So despite Mr. Albert’s claim, there certainly is someone from the left who is willing to state that Sanders’ opinions, and especially his views on foreign policy, are, to put it charitably, less than admirable. Perhaps Mr. Albert agrees with the Commission on Presidential Debates that third party and independent candidates basically should not be allowed to be on the same stage with any member of the GOP and the Savage Mules as the last thing which that commission wants is for anyone to question and challenge the two major corporate, war-making parties. And it is no coincidence that a Jill Stein or a Ralph Nader is not going to do this since the CPD just so happens to be composed of former Democrats and Republicans.

    I happen to have this quaint notion that the American people should be able to hear from many different points of view when it comes time to elect their leader something which is rather commonplace in most democratic countries. Unfortunately Michael Albert does not help matters when he appears to believe that the only voices which count are those which belong to either the Democratic or Republican parties.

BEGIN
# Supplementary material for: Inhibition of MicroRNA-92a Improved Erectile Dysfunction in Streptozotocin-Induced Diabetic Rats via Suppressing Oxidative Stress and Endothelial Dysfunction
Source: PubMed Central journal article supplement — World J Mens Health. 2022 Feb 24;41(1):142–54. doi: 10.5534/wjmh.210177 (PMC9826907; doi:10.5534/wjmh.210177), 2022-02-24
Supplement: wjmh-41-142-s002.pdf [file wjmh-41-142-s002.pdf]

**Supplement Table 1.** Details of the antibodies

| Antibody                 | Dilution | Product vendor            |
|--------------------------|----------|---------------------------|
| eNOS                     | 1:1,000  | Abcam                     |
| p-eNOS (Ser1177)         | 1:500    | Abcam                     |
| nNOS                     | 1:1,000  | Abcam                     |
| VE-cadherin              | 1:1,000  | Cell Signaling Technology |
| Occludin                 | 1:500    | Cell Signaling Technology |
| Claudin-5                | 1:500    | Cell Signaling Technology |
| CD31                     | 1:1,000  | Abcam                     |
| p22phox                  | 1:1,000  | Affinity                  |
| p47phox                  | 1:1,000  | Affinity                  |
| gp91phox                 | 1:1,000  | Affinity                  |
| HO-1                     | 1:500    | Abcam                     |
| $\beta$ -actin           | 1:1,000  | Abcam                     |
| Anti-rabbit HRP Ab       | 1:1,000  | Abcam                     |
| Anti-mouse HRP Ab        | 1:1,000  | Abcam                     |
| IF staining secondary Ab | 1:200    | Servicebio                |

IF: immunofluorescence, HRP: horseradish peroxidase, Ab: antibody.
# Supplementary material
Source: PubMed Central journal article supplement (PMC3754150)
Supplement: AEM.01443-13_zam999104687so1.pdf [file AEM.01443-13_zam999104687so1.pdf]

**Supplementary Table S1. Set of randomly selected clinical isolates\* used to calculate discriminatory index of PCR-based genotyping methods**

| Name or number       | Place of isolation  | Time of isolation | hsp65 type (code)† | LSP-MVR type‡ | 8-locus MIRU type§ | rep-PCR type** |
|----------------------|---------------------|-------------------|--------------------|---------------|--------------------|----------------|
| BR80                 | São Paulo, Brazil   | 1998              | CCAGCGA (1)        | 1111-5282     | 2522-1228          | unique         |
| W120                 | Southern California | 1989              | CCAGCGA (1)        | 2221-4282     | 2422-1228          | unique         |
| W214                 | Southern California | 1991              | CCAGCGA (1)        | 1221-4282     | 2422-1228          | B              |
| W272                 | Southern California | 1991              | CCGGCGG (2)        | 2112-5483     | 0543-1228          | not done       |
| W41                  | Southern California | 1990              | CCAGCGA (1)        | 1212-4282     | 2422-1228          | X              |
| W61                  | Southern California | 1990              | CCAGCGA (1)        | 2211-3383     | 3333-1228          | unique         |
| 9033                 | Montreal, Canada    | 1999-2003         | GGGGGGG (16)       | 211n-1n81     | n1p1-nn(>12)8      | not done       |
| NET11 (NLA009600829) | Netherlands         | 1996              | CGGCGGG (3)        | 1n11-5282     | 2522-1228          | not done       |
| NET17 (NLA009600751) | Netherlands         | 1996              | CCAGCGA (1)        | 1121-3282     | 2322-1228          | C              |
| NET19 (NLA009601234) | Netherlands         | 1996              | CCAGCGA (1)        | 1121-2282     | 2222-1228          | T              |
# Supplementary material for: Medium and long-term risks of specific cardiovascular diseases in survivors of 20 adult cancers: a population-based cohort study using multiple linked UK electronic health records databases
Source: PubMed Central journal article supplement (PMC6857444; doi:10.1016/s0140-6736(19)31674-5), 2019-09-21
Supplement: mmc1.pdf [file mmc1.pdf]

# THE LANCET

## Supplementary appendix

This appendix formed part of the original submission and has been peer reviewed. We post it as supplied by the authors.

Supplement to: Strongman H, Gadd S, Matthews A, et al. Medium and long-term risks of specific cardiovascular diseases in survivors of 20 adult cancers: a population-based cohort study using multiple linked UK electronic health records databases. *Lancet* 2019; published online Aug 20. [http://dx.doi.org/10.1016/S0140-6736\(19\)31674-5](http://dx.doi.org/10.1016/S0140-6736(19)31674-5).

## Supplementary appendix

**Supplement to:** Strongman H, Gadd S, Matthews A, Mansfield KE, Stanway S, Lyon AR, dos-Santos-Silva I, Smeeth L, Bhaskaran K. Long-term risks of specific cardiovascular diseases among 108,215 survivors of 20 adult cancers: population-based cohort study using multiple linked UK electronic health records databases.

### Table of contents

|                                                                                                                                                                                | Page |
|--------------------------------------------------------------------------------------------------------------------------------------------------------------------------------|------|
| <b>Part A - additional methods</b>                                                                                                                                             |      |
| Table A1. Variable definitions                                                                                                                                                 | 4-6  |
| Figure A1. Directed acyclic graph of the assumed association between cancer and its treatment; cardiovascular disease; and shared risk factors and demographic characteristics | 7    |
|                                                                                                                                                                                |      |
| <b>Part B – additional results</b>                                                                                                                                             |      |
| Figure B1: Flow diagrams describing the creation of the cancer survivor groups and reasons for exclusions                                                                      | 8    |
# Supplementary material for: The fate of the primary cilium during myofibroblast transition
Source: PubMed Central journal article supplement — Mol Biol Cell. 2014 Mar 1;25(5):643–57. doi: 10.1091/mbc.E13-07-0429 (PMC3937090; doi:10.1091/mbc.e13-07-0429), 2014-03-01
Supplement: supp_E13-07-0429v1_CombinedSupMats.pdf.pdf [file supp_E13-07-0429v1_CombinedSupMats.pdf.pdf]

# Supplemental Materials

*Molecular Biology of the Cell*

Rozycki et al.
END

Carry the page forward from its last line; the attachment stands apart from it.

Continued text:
It would be most helpful if Mr. Albert were to read The Democrats: A Critical History as leftist writer Lance Selfa does a terrific job in pointing out how, time after time, the Democrats, far from being the party of the people, have instead, as Selfa observes, “betrayed the aspirations of ordinary people while pursuing an agenda favorable to big business and U.S. imperial interests.” Writer Dennis Perrin informs the reader about that latter category in his slim but commendable book called The Savage Mules.

    • avatar